• Work and School Accounts – this uses Windows Active Directory. We won’t be using it for this post. There is advice to be found online for adding your Mac to AD if you want to pursue this option.
  • Windows Authentication – This will not work for our cross-platform debugging.


The resulting folder structure as seen in Visual Studio 2015. We can now open the project folder under “src” in Visual Studio Code.


Setting up ASP.NET Core debugging in Visual Studio Code on Windows

  1. If you haven’t installed the C# Debugger extension for Visual Studio Code, do that now. The extension and installation instructions can be found here.
  2. In Visual Studio Code, open the project folder under “src” that contains the code. For the demo this folder is “Tag.AspNetCore”.
  3. When you first open the folder, or the first time you try to debug, you will be prompted to add required assets.


Select Yes and a “.vscode” folder will be added with a tasks.json file. This is the “Task Runner” file. We will edit that in a few steps.

  1. Now, Select the Start Debug button and you will notice the message that we have “No Configuration” and there is a red notification symbol on the Settings button.


  1. Select the Settings button and you will be prompted to “select environment” – choose “.NET Core”.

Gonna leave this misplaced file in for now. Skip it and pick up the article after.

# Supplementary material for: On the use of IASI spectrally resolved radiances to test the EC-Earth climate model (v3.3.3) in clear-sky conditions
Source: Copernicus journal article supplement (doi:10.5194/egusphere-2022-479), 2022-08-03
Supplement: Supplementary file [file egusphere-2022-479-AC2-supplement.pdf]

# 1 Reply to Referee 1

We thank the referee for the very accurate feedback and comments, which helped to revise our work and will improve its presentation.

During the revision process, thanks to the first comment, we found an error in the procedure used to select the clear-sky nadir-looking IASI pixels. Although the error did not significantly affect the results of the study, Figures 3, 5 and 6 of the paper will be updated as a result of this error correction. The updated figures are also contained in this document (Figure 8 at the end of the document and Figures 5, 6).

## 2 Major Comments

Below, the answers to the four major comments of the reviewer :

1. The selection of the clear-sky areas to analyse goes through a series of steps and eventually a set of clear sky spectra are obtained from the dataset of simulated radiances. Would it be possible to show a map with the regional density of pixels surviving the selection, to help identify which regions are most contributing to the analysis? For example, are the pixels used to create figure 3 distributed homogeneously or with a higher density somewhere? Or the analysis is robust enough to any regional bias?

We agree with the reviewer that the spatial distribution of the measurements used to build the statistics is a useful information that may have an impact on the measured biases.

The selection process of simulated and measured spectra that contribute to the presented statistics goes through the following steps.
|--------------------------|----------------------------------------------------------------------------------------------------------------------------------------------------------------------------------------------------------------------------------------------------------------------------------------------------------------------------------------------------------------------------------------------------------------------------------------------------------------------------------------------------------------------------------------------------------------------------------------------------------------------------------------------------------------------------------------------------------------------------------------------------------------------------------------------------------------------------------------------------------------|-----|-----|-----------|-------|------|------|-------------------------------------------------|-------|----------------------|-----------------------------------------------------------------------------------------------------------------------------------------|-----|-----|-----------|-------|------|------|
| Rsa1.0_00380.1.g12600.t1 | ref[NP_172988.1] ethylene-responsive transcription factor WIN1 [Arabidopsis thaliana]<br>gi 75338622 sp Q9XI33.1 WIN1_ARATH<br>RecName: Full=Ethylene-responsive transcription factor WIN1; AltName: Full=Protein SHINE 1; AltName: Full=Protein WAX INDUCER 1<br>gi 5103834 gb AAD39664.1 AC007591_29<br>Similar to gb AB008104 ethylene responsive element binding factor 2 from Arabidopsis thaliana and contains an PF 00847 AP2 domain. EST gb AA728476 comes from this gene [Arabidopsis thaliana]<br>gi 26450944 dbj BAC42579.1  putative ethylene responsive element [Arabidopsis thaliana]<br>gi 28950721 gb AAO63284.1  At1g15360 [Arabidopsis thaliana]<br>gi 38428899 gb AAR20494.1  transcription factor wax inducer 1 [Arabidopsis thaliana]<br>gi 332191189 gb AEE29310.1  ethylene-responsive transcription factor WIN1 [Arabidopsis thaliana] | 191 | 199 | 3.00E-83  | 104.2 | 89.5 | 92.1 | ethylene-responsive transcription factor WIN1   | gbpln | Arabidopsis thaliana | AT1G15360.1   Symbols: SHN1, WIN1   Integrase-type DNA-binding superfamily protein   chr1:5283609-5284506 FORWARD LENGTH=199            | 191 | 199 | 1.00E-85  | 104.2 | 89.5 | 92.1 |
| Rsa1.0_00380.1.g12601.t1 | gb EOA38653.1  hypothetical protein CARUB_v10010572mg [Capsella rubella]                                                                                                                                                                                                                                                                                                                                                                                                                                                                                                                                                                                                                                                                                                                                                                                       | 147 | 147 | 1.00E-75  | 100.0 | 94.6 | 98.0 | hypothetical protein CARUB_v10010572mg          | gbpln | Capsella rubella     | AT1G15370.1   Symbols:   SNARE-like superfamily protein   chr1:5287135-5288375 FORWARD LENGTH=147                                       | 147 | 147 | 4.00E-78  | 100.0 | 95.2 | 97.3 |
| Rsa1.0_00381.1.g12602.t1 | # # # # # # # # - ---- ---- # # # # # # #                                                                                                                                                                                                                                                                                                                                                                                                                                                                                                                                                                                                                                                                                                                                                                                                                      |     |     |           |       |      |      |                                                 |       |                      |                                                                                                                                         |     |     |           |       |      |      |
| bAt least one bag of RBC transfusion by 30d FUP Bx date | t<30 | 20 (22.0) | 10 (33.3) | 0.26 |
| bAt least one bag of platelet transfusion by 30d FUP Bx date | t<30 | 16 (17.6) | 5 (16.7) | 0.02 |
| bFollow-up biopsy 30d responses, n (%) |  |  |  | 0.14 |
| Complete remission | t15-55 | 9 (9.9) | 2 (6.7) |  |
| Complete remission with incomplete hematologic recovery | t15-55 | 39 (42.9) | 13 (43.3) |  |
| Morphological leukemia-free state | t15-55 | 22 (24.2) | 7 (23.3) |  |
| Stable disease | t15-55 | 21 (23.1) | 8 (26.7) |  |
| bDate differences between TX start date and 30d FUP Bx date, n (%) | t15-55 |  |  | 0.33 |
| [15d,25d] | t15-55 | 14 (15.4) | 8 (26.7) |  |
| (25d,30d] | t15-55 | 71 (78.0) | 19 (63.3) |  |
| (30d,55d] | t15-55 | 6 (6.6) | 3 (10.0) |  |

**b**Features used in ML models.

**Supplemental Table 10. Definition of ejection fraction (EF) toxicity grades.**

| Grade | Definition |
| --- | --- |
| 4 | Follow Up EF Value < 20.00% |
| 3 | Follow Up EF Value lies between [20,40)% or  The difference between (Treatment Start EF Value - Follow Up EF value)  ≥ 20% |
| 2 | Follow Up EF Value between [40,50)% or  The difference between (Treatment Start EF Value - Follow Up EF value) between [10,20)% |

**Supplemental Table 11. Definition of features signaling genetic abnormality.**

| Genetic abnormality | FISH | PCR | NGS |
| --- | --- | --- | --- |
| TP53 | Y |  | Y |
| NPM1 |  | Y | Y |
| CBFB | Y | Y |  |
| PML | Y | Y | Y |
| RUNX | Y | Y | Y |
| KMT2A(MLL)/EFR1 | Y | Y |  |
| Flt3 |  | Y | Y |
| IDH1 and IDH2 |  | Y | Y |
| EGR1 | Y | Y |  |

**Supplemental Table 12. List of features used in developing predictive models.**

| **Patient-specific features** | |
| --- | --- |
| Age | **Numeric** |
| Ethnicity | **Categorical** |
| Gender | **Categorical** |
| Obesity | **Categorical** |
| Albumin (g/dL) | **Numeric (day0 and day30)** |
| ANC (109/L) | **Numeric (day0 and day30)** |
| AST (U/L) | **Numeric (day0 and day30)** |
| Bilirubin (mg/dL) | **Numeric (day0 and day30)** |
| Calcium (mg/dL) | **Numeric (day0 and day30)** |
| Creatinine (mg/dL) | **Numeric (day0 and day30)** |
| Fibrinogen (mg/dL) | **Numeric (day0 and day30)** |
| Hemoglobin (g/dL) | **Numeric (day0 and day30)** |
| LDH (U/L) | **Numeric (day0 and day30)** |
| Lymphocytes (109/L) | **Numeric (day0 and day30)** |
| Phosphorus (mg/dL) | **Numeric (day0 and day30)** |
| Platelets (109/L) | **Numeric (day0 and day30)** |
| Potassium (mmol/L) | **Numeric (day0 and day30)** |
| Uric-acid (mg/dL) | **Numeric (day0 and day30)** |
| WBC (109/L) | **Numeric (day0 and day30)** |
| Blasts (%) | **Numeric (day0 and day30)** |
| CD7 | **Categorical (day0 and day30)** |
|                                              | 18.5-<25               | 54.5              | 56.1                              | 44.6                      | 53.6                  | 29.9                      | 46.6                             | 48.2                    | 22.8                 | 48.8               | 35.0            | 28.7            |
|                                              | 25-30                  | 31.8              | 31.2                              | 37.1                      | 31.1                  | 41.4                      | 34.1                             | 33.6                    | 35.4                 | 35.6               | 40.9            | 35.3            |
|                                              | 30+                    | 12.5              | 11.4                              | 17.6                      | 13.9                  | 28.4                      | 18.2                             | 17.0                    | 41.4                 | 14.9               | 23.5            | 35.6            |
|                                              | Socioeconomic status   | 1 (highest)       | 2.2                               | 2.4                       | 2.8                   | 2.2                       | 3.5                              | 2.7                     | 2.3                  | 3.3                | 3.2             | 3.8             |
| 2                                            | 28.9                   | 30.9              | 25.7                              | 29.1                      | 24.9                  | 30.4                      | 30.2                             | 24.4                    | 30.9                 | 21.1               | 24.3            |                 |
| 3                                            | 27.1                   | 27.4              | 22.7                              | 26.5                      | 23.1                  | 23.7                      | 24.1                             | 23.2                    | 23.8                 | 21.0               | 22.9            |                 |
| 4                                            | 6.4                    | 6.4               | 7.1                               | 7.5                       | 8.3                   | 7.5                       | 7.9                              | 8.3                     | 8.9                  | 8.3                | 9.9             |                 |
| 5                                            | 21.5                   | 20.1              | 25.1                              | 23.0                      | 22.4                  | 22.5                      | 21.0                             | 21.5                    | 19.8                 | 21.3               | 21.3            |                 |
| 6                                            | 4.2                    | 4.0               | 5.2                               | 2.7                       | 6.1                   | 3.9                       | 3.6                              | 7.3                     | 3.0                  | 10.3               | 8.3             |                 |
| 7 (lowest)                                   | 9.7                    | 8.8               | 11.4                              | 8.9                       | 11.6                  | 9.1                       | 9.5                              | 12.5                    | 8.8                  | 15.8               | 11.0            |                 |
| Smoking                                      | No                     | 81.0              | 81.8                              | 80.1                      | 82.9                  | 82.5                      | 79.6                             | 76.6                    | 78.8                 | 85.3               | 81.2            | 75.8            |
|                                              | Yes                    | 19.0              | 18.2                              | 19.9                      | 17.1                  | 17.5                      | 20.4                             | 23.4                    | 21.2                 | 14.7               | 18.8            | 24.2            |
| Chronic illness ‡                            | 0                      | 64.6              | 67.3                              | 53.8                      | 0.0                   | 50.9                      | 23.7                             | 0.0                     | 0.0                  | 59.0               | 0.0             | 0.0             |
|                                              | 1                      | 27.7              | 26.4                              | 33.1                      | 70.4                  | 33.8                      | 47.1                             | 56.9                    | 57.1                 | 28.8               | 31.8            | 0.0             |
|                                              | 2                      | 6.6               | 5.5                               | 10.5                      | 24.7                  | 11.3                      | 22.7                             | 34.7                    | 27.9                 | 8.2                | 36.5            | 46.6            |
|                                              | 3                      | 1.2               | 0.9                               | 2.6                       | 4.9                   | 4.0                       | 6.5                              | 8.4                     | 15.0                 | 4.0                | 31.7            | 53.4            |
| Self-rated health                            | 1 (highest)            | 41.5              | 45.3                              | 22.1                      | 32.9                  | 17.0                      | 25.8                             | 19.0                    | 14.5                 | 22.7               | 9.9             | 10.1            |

This will create a launch.json file for you that contains the confugrations for debugging.

  1. Edit the json file. It contains three configurations: “.NET Core Launch (console)”, “.NET Core Launch (web)”, and “.NET Core Attach”. We won’t need the console configuration so you can remove it if you wish. We do need to update the web configuration’s “program” entry to point at the .dll that will be built.


Note: If you forget to edit this and try to debug, you will receive the following error:


Once you change the program path and save this file, these configurations will be presented in a dropdown to the right of the “Start Debugging (F5) button”. Select “.NET Core Launch (web):


  1. If you set breakpoints and try to debug again, you will find that your breakpoints will not be hit and you get the message:


To fix this we will need to update the project.json file to tell the build process to produce a .NET Core compatible output.

  1. Edit the json file to add “debugType”: “portable” to “buildOptions”.